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Rootlessness and displacement are at the heart of the city novel. The classic narrative of the city as a new beginning, a stage embarked upon in early adult life, has specific features for women, in that the very notion of female self-invention defies the nature-culture divide; women being traditionally the stable, fixed point in the universe whose spaces wait to be explored by men, so that woman endures while man transcends. In some of Toni Morrison’s novels (notably Tar Baby and Jazz), besides being all these things, the city is also a historical stage in the story of black Americans, the place where rural migrants converge and where women come into their own: the voice that articulates historical experience as urban.

It is in fictions of the city that collectivities of race and class assume a subjective viewpoint. Claire Etcherelli’s Elise or Real Life brings these together at a crucial point in French history: the Algerian War; ‘real life’ begins as Elise boards the train that will take her to Paris, where, like Etcherelli herself, she will work on a car assembly line. She begins a love affair with an Algerian worker in the same factory, and comes to know the contradictions of black-white class solidarity, and painfully to feel the city’s racist hatred in the abuse and brutal policing of Arab workers. Yet the city streets, though hazardous for such a couple, are also a refuge – ‘Paris was an enormous ambush through which we moved with ludicrous precautions… our happiness transformed Paris’ – a lover’s city for all that. Through the tragedies of love and politics, Paris teaches Elise what real life is really about.

In Elise the progress of self-knowledge is synonymous with claiming the city. The novel ends with a drive through Paris – ‘Here’s Paris’, where Elise’s commentary on the streets traversed is also a commentary on everyday life and everyday oppression, conveying a sense of her own new-learned knowledge of the city. Likewise, in Carmen Laforet’s Nada, the streets of Barcelona become a territory whose step-by-step mapping in the course of one year corresponds to Andrea’s coming of age and passage into a sense of self. ‘My dear, a big town is a sink of iniquity, and of all the cities in Spain Barcelona is the most wicked’, her aunt warns her on arrival, and the warning serves to tantalise. Andrea’s wanderings allow her escape from a fraught and claustrophobic house whose family tensions could well be seen as allegorical in this post-civil-war Spain.

There’s a similar sense of movement from hopeful ignorance to a state of knowing self-possession in a very different novel, Olivia Manning’s The Doves of Venus. The eighteen-year-old Ellie Parsons has arrived in London as an escapee from Eastsea. At the novel’s start Ellie is entranced by the city at night and tries to imagine what its mysteries might have in store for, who she might become: ‘Would she ever rap on doorknockers with the urgency of important emotions? And run round a corner wearing a fur coat? And lifting a hand to an approaching taxi, impress some other girl named Ellie and fill her with envy and ambition?’ It ends as she boards a bus ‘journeying westwards into the transformed city where Ellie has her home’.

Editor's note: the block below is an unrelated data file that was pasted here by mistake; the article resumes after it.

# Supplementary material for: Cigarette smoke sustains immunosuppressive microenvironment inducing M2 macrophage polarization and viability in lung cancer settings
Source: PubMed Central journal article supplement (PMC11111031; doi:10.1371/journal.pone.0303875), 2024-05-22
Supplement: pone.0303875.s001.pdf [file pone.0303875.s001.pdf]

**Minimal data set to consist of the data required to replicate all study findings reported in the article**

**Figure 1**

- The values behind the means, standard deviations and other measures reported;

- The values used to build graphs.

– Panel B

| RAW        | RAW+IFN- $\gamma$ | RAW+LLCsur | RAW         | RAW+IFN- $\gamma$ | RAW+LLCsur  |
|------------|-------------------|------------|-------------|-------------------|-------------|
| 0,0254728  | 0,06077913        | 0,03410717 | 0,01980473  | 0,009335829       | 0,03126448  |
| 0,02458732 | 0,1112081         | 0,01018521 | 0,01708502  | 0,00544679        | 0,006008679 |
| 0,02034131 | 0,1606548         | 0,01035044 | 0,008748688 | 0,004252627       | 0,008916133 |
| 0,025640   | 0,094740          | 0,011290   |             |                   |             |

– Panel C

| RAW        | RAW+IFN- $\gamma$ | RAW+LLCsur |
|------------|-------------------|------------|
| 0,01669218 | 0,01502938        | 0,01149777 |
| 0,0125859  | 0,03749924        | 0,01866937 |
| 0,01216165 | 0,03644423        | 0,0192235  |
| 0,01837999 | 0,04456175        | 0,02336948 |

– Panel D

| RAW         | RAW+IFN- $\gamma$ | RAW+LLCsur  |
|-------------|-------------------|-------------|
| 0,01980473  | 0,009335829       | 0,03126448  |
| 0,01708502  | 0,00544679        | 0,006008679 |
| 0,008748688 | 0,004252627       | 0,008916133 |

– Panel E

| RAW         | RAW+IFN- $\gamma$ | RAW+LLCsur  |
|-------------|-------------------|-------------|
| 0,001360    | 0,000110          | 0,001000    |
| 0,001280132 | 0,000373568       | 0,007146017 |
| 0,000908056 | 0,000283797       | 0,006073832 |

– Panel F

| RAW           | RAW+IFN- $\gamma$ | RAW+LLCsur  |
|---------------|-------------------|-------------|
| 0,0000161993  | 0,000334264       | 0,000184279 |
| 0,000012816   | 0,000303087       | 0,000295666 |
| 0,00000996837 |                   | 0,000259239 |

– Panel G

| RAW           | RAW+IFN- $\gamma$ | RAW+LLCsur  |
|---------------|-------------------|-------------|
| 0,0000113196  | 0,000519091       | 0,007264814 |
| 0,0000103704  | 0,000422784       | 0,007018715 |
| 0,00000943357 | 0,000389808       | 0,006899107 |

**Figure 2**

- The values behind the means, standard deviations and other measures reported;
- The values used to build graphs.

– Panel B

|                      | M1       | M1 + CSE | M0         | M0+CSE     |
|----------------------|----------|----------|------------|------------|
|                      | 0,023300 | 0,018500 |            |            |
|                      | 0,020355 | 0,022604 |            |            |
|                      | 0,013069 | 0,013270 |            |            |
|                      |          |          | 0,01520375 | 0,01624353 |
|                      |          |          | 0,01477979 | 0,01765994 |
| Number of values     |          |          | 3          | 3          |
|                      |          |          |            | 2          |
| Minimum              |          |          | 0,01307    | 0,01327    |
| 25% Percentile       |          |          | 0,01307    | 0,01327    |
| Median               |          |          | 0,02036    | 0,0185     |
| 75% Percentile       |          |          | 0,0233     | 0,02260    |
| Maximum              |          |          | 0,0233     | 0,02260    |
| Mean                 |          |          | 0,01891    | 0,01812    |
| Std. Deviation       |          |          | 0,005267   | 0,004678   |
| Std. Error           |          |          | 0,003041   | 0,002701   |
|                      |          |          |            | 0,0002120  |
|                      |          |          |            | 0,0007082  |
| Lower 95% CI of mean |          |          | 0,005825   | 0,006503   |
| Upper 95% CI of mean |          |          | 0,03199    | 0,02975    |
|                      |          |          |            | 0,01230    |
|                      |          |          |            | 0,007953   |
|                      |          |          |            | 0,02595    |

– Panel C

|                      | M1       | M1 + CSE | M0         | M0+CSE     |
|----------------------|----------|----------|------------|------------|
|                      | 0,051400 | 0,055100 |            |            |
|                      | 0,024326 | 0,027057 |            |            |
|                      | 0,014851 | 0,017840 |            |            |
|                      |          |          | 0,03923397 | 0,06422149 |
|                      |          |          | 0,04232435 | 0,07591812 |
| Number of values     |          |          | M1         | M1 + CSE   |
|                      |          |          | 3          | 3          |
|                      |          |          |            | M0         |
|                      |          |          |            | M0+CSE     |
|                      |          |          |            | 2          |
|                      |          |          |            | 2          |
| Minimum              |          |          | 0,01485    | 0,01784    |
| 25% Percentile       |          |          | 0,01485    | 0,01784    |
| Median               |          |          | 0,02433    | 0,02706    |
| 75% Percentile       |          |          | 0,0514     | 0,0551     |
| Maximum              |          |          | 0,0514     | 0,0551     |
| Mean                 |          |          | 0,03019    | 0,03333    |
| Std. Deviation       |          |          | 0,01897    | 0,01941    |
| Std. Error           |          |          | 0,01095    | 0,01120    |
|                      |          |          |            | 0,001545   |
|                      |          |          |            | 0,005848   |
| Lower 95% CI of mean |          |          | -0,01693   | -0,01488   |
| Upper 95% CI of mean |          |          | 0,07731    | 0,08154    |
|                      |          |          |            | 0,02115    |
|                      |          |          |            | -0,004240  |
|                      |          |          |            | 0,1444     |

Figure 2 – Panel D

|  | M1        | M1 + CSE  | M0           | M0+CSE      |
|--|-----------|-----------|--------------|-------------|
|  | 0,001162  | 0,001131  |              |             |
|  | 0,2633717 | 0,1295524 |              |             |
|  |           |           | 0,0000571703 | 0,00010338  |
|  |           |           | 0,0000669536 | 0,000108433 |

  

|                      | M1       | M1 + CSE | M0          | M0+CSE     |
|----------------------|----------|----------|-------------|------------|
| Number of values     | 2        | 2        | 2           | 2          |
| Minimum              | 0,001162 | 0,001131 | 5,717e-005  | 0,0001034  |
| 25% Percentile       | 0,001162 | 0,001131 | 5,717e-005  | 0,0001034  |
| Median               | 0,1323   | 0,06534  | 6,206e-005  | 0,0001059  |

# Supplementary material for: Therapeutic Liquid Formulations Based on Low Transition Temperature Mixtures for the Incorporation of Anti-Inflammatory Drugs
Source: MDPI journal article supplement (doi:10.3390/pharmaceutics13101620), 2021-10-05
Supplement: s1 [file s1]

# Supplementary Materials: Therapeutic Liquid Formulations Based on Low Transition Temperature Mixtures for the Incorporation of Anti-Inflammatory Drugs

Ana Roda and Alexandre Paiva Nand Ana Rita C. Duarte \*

Manning wrote very much within the mainstream of English fiction, whose distinguishing feature is a very middle-class, character-based realism, and many of whose women writers rarely escape the confines of the domestic. Manning’s adventurousness as a writer lay in her relation to the life of elsewhere. In The Balkan Trilogy and The Levant Trilogy she described wartime Bucharest, Athens and Cairo with the vivid rapture of discovery, but London was her own first city and here it communicates a special kind of rapture, that of the young girl who has just embarked upon womanhood – with a job and a bedsit of her own. Ellie’s elated first step is to fall in love and discard her virginity. The city and the economic independence it affords her are prerequisites for this sexual freedom.

Rapture is the state that most characterises Miriam Henderson’s experience of the city. Pilgrimage, written entirely as a stream-of-consciousness narrative of Miriam’s perceptions, thoughts and feelings, situates most of its thirteen-book cycle in London. Miriam’s extravagantly voiced consciousness merges oceanically with the city as she loses herself in ‘her beloved London night-streets’, surrendering to the reverie and intoxication they inspire (‘I am always drunk in the West End’). To her the city offers scope for consciousness to be in a perpetual movement of discovery, to be plunged into life’s fullness. Because of  ‘the vast spread of London’, it can contain the world’s mysteries, and therefore their potential revelation: ‘… She saw upon the end wall the subdued reflection of London light, signalling the vast quiet movement of light about the world. It held a secret for whose full revelation she could wait for ever, knowing that it would come.’

Miriam, the New Woman perpetually in rebellion against the ‘addlepated masculine complacency’ that fails to allow women the authority of their own experience, find transcendence of identity in the city: ‘she would be again, soon… not a woman… a Londoner.’ If her wanderings through London’s streets arouse incomprehension and sometimes disapproval, the city itself is benign in its indifference.


Liz Heron